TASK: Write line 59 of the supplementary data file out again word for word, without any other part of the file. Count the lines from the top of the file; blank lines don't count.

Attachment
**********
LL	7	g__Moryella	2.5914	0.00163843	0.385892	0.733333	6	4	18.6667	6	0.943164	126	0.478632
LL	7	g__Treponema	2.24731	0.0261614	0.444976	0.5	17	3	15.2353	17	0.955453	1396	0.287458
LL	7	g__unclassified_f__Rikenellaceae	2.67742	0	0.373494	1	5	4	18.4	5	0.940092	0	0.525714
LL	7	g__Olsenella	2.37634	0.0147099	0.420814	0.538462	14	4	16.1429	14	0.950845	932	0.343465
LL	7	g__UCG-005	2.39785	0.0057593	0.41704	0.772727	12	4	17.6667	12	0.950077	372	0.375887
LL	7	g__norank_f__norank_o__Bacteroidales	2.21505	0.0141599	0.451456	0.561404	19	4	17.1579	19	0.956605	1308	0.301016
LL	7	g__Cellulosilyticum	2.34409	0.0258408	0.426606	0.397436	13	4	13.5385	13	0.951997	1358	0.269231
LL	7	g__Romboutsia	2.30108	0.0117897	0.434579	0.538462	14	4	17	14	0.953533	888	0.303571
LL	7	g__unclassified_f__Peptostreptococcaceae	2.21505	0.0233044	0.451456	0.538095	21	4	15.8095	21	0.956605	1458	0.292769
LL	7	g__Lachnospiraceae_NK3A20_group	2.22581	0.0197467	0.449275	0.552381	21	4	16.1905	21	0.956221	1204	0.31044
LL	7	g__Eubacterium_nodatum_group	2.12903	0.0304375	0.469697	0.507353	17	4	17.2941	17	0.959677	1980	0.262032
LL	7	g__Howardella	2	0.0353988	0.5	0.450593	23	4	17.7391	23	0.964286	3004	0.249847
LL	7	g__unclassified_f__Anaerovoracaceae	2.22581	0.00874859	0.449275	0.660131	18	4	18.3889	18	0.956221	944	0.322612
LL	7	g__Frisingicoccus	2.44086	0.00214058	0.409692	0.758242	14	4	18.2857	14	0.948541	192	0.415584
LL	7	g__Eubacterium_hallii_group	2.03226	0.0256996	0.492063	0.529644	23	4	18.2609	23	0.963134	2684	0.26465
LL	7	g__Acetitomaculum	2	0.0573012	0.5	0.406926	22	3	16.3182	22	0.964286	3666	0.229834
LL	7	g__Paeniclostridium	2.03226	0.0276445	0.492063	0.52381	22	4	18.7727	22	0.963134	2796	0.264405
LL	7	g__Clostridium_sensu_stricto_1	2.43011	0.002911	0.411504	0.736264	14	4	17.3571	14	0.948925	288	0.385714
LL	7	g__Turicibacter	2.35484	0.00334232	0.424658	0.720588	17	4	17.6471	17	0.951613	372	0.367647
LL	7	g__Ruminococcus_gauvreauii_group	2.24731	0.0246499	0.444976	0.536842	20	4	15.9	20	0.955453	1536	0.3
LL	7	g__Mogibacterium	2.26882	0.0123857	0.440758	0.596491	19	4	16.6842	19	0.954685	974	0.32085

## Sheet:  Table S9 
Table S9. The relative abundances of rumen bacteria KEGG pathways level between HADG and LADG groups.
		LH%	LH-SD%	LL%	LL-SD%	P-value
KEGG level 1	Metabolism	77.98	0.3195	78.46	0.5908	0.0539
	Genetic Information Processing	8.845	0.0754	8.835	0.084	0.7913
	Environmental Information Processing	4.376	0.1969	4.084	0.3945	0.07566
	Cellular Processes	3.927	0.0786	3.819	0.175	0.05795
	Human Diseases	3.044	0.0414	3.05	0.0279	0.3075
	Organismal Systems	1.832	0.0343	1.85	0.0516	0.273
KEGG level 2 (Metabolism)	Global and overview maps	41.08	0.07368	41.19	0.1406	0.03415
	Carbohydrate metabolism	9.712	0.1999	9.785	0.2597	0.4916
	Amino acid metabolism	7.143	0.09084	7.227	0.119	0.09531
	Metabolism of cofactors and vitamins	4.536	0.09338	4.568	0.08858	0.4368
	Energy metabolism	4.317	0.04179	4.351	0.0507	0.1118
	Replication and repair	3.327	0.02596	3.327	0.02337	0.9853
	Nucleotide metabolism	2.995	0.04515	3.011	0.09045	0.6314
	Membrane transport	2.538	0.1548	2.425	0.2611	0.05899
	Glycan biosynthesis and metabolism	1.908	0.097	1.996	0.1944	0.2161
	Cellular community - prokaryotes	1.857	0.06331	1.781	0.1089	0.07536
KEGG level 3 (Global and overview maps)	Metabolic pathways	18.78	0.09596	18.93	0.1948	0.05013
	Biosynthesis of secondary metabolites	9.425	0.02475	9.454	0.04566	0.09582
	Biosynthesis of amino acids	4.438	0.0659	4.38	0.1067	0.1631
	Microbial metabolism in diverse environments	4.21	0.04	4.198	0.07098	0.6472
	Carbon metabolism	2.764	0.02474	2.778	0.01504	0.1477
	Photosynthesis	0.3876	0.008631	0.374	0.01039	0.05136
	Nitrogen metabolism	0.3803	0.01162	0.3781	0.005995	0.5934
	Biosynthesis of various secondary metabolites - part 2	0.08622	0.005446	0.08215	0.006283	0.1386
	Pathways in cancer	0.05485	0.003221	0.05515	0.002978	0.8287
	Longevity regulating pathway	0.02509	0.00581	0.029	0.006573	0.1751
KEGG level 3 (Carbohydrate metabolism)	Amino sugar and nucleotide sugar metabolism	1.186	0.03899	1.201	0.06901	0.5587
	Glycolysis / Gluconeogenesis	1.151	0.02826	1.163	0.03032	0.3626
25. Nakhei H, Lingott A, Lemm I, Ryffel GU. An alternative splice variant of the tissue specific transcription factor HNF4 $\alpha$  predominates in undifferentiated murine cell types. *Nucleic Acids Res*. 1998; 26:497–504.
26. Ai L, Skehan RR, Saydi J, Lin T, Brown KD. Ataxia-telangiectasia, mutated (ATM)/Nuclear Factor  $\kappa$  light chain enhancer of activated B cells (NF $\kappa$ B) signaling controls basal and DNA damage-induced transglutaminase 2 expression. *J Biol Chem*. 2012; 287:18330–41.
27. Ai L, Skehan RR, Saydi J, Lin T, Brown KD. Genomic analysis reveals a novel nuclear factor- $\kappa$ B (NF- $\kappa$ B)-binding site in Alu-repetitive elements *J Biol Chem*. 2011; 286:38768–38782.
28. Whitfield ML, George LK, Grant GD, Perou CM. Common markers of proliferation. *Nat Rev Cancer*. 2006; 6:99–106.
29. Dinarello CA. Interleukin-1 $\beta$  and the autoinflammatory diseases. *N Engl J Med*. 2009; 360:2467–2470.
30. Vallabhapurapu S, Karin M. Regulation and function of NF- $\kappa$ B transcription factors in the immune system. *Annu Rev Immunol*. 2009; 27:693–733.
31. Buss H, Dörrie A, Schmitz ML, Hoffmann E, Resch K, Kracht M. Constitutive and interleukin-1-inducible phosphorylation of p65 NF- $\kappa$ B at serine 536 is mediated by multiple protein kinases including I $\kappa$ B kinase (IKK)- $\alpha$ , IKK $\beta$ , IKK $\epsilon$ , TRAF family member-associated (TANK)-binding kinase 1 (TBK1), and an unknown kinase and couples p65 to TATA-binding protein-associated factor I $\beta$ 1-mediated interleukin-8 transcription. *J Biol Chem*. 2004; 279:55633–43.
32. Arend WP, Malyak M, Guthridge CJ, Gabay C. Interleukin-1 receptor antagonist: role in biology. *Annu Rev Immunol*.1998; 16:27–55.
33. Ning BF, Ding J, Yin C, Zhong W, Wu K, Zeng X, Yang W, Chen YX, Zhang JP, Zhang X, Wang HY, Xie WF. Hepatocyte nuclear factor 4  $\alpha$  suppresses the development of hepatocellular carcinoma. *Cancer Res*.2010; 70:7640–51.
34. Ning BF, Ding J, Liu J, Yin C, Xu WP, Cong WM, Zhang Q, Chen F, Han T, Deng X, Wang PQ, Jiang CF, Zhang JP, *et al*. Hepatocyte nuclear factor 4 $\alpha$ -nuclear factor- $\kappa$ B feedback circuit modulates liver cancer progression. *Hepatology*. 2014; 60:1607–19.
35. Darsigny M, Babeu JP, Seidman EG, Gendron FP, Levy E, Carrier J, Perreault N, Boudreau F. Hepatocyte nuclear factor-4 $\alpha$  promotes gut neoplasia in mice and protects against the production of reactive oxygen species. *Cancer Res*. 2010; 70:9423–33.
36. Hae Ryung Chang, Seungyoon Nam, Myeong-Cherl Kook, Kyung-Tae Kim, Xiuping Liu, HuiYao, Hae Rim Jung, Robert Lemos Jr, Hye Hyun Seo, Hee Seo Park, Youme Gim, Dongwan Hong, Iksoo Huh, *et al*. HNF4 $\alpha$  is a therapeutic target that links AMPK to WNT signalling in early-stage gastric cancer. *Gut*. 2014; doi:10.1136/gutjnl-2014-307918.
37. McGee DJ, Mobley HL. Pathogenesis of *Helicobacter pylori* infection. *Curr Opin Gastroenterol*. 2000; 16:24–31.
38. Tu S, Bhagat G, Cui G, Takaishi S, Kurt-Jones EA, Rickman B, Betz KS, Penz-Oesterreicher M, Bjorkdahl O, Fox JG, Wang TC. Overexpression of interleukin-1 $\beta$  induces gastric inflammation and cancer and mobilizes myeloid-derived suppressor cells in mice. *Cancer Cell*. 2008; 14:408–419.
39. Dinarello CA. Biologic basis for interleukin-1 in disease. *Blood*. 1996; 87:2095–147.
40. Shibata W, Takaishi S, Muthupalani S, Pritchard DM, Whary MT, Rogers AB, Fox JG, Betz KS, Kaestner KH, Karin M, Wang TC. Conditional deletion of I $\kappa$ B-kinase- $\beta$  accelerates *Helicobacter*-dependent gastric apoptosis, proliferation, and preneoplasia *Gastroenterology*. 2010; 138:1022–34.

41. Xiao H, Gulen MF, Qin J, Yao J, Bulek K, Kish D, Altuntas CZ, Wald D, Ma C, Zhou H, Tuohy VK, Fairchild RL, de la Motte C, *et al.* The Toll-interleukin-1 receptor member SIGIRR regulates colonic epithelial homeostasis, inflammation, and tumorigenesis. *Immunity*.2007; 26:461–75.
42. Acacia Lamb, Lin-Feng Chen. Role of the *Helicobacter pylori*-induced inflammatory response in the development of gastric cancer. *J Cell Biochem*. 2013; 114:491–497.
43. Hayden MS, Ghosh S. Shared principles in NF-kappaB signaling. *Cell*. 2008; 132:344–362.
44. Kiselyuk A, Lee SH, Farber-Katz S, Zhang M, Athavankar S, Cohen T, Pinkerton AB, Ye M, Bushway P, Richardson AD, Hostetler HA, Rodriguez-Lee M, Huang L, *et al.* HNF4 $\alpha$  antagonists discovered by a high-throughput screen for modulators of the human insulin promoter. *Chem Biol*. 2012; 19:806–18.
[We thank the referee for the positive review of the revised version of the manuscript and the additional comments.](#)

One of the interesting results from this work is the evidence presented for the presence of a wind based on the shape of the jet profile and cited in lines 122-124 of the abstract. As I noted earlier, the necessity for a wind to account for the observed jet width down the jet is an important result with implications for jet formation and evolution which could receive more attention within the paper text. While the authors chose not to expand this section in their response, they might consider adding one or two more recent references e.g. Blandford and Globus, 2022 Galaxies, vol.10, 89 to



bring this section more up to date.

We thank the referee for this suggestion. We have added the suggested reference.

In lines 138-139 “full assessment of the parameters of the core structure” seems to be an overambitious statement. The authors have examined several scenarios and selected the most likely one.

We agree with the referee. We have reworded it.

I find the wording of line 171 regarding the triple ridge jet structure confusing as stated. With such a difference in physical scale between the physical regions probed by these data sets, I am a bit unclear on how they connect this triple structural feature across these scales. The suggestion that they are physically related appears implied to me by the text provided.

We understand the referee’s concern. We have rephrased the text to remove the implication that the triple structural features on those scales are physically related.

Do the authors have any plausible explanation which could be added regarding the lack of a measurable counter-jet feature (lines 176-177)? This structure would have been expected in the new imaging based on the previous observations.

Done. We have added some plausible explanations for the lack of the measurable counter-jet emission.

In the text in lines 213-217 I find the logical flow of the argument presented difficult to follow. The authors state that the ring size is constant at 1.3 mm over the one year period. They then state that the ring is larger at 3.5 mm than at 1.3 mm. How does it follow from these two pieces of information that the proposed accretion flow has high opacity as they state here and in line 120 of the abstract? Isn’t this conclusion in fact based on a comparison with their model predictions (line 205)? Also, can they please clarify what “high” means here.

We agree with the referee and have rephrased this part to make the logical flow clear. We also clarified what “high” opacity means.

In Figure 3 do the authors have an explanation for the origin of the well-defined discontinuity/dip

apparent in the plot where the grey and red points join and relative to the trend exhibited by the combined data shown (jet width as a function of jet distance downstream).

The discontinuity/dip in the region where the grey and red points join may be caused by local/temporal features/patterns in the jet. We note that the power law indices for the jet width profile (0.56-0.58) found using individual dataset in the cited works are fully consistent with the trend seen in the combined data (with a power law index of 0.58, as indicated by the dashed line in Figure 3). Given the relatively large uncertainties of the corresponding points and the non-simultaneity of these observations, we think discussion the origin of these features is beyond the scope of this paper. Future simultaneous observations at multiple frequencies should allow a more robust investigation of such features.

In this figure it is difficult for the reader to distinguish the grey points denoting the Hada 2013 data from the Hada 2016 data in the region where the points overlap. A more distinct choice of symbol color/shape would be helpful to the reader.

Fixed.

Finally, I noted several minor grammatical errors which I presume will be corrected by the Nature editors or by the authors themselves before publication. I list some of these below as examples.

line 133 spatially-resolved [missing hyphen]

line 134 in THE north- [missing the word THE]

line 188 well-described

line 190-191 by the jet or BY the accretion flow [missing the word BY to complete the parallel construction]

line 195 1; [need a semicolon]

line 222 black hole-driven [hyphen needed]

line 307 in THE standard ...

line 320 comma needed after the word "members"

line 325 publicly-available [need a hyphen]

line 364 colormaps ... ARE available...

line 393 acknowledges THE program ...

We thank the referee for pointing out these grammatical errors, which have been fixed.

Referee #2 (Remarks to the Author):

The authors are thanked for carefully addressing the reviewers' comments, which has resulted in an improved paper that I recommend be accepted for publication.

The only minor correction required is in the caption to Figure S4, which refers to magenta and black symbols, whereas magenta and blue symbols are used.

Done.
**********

31. Buss H, Dörrie A, Schmitz ML, Hoffmann E, Resch K, Kracht M. Constitutive and interleukin-1-inducible phosphorylation of p65 NF- $\kappa$ B at serine 536 is mediated by multiple protein kinases including I $\kappa$ B kinase (IKK)- $\alpha$ , IKK $\beta$ , IKK $\epsilon$ , TRAF family member-associated (TANK)-binding kinase 1 (TBK1), and an unknown kinase and couples p65 to TATA-binding protein-associated factor I $\beta$ 1-mediated interleukin-8 transcription. *J Biol Chem*. 2004; 279:55633–43.